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Thursday, 21 June 2012

Dataco v Sportradar: liability for sending and receiving sui generis databases

No, the IPKat hadn't forgotten to post anything about the Advocate General's Opinion in the Sportradar reference to the Court of Justice of the European Union (CJEU), Case C‑173/11 Football Dataco Ltd, The Scottish Premier League Ltd, The Scottish Football League, PA Sport UK Ltd v Sportradar GmbH and Sportradar AG. It's just that he was offline for a few hours, having enjoyed the cut and thrust of the British Black Music seminar on whether copyright was fit for purpose [the Kat suspects that most of us left the event with the same opinion we arrived with, but there was a lot of fun, and indeed emotion, in the debate].

To refressh readers' memories, Football Dataco and the other plaintiffs were responsible for organising football leagues and competitions in England and Scotland. Football Dataco managed the creation and exploitation of the data and IP rights relating to those competitions said it owned the sui generis right in the ‘Football Live’ database. This database, known aa Football Live, was a compilation of data about 'live' football matches, ie those in progress (goals and goal-scorers, the names of the players, yellow and red cards, fouls and substitutions). The data was collected mainly by former professional footballers hired as freelances by Football Dataco and who attended the football matches for that purpose. Football Dataco maintained that there was considerable investment in obtaining and/or verifying the information collected and the compilation of Football Live required skill, effort, discretion and considerable intellectual input [yes, some professional footballers have substantial intellectual capacity. That's why they get paid a fortune to play their favourite game and, once they retire, they get paid to watch the games. Is it any wonder that they never seem to want to become IP professionals?] by experienced personnel.

German company Sportradar GmbH provided live results and other English league statistics via its website betradar.com though its ‘Sport Live Data’ service. Betting companies which were customers of Sportradar GmbH allegedly had contracts with a Swiss company, Sportradar AG, the parent company of Sportradar GmbH. Those betting companies included bet365, a UK company, and Stan James, based in Gibraltar, both of which offered betting services aimed at the UK market.; their respective web pages had links to betradar.com. The Live Score option provided access to information that appeared in a banner running across the screen carrying the names of bet365 or Stan James, from which the referring court inferred that the UK public formed an important target for the defendant companies.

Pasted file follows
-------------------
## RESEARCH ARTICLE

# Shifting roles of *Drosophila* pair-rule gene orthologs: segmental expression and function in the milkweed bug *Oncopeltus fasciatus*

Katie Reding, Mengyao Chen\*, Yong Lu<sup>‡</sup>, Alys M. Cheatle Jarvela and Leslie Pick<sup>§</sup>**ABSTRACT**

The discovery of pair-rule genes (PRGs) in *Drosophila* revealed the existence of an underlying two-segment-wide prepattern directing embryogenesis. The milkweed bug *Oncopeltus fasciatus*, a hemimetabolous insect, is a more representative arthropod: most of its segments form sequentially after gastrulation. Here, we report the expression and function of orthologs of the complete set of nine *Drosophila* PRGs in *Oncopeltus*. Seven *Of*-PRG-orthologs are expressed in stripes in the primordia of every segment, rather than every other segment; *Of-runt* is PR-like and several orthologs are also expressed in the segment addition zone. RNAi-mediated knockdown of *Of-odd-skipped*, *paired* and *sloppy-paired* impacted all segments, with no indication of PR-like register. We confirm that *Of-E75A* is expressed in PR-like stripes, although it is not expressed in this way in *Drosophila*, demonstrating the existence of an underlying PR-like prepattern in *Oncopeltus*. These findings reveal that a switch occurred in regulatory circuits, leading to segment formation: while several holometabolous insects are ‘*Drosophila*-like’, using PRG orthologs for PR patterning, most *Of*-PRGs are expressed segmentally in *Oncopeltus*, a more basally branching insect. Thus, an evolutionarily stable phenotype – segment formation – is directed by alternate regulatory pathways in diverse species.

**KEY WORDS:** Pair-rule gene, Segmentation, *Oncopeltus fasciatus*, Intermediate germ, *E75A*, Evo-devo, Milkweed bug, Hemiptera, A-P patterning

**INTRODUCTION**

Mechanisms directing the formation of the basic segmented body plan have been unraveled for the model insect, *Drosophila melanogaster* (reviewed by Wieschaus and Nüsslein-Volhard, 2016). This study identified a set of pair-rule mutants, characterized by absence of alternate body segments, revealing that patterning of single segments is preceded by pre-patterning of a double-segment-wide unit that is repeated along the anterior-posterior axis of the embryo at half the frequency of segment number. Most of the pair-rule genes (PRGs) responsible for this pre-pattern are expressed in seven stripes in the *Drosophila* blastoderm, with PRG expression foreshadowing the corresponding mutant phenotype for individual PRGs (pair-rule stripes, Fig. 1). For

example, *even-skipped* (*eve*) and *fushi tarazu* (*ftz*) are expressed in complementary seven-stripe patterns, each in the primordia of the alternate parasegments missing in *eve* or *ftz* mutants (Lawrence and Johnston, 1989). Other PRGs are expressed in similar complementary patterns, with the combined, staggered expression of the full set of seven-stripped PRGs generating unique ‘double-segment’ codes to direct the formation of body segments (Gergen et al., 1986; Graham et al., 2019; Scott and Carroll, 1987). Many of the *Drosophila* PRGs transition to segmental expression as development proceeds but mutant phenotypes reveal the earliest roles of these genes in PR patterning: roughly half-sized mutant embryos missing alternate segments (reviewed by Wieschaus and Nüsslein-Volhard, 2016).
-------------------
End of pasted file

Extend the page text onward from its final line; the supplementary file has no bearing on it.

In April 2010 Football Dataco,, alleging that the information provided on Sport Live Data was extracted from Football Live, brought an action before the High Court of Justice, England and Wales, seeking damages for infringement of its sui generis right in its Football Live database. No way, said Sportradar, challenging the jurisdiction of the British courts and seeking a declaration of non-infringement in Germany.

The High Court said it did have jurisdiction to hear the claim, so far as it sought to establish joint liability on the part of Sportradar and those of its customers which used its website in the United Kingdom -- but that it lacked jurisdiction to hear the claim in so far as it sought to establish primary liability on the part of Sportradar. Both parties appealed to the Court of Appeal, which referred the following questions for a preliminary ruling.
‘Where a party uploads data from a database protected by sui generis right under Directive 96/9/EC (“the Database Directive”) ont o that party’s web server located in Member State A and in response to requests from a user in another Member State B the web server sends such data to the user’s computer so that the data is stored in the memory of that computer and displayed on its screen, 
(a) is the act of sending the data an act of “extraction” or “re-utilisation” by that party? 
(b) does any act of extraction and/or re-utilisation by that party occur (i) in A only? (ii) in B only; or (iii) in both A and B?’
On Thursday 21 June (which is today or yesterday, depending on where you are when this is posted, but definitely not tomorrow) Advocate General Cruz Villalón advised the CJEU to rule thus:
"Where a party uploads data from a database protected by sui generis right under Directive 96/9 ... onto that party’s web server located in Member State A and, in response to requests from a user in another Member State B, the web server sends such data to the user’s computer so that the data is stored in the memory of that computer and displayed on its screen, the act of sending the information constitutes an act of ‘re-utilisation’ by that party".
In other words, both the act of sending and the act of receiving look like being infringements that are actionable in the United Kingdom -- if, as is likely, the CJEU agrees with the Advocate General's advice.

Trial judge's decision here; Court of Appeal decision here

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